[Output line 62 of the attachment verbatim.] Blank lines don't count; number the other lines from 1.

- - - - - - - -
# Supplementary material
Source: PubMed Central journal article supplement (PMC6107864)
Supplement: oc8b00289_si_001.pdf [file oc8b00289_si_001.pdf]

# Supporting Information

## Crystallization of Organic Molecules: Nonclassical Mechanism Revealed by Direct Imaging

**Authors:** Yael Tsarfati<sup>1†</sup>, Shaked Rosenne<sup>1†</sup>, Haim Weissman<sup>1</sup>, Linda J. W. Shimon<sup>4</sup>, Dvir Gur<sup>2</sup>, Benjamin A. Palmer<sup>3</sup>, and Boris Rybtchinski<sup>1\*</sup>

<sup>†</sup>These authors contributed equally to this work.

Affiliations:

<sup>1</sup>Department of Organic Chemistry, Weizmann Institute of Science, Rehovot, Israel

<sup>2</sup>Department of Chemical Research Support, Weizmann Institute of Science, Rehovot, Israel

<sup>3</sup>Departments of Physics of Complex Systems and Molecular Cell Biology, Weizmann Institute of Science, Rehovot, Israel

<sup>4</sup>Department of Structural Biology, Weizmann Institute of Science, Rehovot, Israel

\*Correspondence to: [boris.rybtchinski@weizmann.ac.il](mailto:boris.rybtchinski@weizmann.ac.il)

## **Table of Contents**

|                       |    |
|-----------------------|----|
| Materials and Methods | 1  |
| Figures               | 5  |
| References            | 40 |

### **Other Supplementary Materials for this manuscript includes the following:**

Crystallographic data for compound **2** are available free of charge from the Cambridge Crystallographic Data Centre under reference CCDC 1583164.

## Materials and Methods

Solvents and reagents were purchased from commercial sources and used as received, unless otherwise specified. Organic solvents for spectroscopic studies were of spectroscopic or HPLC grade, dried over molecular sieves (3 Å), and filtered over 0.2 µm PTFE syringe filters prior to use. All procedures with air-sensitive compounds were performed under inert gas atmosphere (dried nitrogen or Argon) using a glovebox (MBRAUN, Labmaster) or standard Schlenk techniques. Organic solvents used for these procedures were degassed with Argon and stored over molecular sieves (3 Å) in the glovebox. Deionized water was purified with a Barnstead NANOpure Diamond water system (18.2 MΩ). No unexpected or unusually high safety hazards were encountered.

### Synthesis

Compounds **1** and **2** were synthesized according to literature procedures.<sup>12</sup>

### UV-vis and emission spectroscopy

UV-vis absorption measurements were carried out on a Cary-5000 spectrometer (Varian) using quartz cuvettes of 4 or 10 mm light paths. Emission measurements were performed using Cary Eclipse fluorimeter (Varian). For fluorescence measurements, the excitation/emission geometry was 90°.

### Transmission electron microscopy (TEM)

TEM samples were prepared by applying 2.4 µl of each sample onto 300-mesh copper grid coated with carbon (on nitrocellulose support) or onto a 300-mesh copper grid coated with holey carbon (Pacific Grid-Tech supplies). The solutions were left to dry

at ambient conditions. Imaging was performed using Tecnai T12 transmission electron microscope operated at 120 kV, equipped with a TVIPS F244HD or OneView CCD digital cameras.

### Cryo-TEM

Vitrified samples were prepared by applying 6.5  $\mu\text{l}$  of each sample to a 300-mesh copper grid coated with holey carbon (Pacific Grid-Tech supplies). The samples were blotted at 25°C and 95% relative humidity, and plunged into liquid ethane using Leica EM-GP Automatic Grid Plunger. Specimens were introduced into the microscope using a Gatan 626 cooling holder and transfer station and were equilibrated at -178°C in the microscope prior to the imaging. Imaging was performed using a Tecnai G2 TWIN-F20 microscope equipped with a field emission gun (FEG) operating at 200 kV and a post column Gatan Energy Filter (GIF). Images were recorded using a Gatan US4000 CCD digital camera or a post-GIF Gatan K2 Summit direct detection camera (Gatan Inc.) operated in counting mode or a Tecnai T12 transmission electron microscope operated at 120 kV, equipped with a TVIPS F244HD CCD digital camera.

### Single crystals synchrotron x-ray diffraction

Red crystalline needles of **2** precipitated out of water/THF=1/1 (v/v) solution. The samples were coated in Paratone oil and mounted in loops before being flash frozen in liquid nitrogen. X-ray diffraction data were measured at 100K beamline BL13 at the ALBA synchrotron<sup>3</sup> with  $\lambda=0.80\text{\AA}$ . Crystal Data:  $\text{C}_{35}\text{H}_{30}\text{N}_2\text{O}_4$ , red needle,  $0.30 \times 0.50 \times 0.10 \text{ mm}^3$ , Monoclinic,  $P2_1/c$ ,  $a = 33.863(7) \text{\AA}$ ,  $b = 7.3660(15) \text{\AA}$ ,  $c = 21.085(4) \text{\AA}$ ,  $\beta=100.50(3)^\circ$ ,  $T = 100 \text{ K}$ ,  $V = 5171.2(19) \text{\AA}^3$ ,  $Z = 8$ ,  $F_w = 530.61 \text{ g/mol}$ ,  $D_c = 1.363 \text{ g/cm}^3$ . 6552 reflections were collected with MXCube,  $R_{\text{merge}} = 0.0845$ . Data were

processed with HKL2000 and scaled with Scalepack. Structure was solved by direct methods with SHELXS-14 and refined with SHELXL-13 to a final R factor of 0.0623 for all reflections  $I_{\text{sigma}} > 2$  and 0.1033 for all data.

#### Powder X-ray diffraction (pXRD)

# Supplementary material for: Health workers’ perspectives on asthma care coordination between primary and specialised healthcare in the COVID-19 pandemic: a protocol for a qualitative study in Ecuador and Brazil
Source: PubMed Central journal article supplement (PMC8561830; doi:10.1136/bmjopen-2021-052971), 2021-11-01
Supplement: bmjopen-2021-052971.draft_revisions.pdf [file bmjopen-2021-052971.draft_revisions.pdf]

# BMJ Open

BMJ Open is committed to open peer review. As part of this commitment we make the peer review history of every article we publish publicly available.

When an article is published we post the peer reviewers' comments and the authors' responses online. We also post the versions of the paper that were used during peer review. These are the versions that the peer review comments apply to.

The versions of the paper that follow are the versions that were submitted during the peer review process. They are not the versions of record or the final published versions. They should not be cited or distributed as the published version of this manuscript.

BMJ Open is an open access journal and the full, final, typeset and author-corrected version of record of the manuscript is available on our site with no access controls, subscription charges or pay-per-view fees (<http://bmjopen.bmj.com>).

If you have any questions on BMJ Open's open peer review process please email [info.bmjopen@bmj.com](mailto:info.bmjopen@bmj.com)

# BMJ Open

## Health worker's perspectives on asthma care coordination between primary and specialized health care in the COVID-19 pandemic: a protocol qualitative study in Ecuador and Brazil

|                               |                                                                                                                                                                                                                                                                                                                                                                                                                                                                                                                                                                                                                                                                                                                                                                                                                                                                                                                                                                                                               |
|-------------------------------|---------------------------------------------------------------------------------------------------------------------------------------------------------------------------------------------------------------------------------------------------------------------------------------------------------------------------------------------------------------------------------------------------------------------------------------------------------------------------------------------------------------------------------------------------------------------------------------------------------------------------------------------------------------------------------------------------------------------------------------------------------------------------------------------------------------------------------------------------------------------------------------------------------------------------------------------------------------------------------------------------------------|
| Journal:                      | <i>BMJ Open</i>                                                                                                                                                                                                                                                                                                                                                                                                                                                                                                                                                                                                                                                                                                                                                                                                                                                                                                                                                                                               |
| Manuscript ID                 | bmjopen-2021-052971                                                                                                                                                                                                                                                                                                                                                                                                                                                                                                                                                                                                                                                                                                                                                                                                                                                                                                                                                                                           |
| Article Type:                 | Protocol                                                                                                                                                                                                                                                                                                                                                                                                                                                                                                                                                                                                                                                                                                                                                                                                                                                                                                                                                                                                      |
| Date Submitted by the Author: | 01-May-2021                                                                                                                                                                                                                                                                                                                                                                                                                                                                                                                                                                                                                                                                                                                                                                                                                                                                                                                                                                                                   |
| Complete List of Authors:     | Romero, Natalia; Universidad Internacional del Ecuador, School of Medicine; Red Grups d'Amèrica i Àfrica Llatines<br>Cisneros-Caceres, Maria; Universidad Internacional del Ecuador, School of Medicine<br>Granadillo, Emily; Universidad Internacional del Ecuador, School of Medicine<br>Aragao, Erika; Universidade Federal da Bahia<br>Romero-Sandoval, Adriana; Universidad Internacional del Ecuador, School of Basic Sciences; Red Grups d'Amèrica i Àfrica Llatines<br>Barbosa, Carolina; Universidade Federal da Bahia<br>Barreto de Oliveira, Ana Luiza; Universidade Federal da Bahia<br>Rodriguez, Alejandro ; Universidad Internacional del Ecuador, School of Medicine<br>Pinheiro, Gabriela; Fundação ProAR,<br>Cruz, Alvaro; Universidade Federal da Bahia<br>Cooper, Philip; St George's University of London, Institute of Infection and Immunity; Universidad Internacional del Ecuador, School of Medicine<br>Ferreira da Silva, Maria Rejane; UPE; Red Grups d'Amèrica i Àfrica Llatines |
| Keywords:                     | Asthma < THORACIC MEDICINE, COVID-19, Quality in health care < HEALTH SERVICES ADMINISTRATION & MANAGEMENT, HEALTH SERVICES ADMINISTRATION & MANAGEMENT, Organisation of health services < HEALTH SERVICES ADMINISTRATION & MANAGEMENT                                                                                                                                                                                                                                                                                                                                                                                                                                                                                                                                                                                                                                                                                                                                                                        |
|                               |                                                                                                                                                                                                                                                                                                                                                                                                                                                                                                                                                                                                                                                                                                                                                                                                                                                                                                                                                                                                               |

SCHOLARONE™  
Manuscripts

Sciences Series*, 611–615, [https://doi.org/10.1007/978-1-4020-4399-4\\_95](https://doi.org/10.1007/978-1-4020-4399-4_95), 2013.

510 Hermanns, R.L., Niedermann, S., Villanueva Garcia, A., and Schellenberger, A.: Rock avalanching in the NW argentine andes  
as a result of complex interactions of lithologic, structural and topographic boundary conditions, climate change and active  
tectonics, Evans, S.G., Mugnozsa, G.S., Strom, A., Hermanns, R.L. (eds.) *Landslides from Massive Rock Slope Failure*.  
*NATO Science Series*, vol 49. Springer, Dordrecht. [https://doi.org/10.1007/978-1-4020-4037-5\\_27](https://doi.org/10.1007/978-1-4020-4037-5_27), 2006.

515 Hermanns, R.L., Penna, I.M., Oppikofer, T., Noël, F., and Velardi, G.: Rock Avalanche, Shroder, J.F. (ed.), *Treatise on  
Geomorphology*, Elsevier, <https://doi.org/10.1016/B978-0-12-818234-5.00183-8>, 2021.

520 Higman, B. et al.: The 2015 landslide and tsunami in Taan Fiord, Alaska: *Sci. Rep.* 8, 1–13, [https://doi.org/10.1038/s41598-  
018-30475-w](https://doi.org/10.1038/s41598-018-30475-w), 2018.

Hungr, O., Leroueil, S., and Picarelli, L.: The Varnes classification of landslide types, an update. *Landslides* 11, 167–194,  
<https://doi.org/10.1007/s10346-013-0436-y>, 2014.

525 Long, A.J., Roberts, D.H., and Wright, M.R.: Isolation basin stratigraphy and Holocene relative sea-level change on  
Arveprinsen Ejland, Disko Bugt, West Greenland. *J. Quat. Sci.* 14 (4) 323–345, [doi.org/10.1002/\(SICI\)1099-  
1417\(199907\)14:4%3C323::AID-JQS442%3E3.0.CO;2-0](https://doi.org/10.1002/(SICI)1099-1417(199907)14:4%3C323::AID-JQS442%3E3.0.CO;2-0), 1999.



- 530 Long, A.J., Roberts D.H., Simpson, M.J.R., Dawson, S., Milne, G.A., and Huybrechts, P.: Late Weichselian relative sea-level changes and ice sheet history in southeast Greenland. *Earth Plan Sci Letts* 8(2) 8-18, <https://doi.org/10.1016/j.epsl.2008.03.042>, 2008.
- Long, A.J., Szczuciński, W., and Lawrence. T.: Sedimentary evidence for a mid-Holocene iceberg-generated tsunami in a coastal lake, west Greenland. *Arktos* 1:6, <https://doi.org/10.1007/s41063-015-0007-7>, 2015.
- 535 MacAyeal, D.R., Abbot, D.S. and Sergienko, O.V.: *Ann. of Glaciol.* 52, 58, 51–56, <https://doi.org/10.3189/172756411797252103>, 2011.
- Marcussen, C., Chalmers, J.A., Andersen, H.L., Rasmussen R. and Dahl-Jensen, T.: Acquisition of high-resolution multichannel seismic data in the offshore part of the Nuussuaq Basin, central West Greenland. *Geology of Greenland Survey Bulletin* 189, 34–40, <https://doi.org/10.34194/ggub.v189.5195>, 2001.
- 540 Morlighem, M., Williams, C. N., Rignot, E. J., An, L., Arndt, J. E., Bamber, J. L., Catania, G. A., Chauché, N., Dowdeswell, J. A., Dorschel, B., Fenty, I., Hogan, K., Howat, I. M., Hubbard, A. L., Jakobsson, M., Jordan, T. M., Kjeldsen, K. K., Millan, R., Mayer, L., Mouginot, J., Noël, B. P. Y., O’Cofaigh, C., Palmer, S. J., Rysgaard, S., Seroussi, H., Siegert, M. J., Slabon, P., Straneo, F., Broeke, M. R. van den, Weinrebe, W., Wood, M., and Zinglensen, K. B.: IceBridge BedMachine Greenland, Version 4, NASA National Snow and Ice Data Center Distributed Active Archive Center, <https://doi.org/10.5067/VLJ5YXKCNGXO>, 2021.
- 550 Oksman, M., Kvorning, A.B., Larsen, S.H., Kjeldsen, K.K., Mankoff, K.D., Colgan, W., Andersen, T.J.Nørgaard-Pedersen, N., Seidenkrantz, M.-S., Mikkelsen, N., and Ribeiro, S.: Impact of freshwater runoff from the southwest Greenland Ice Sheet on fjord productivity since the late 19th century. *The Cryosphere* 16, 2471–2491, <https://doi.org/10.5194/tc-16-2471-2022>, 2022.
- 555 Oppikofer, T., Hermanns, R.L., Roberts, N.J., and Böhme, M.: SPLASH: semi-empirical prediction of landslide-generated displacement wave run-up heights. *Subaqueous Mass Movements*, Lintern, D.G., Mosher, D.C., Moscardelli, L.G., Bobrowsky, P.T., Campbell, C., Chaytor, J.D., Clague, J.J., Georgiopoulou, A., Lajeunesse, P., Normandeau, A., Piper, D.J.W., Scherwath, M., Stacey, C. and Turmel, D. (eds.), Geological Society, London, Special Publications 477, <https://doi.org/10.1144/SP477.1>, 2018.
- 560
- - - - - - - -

tectonics, Evans, S.G., Mugnozsa, G.S., Strom, A., Hermanns, R.L. (eds.) *Landslides from Massive Rock Slope Failure*.  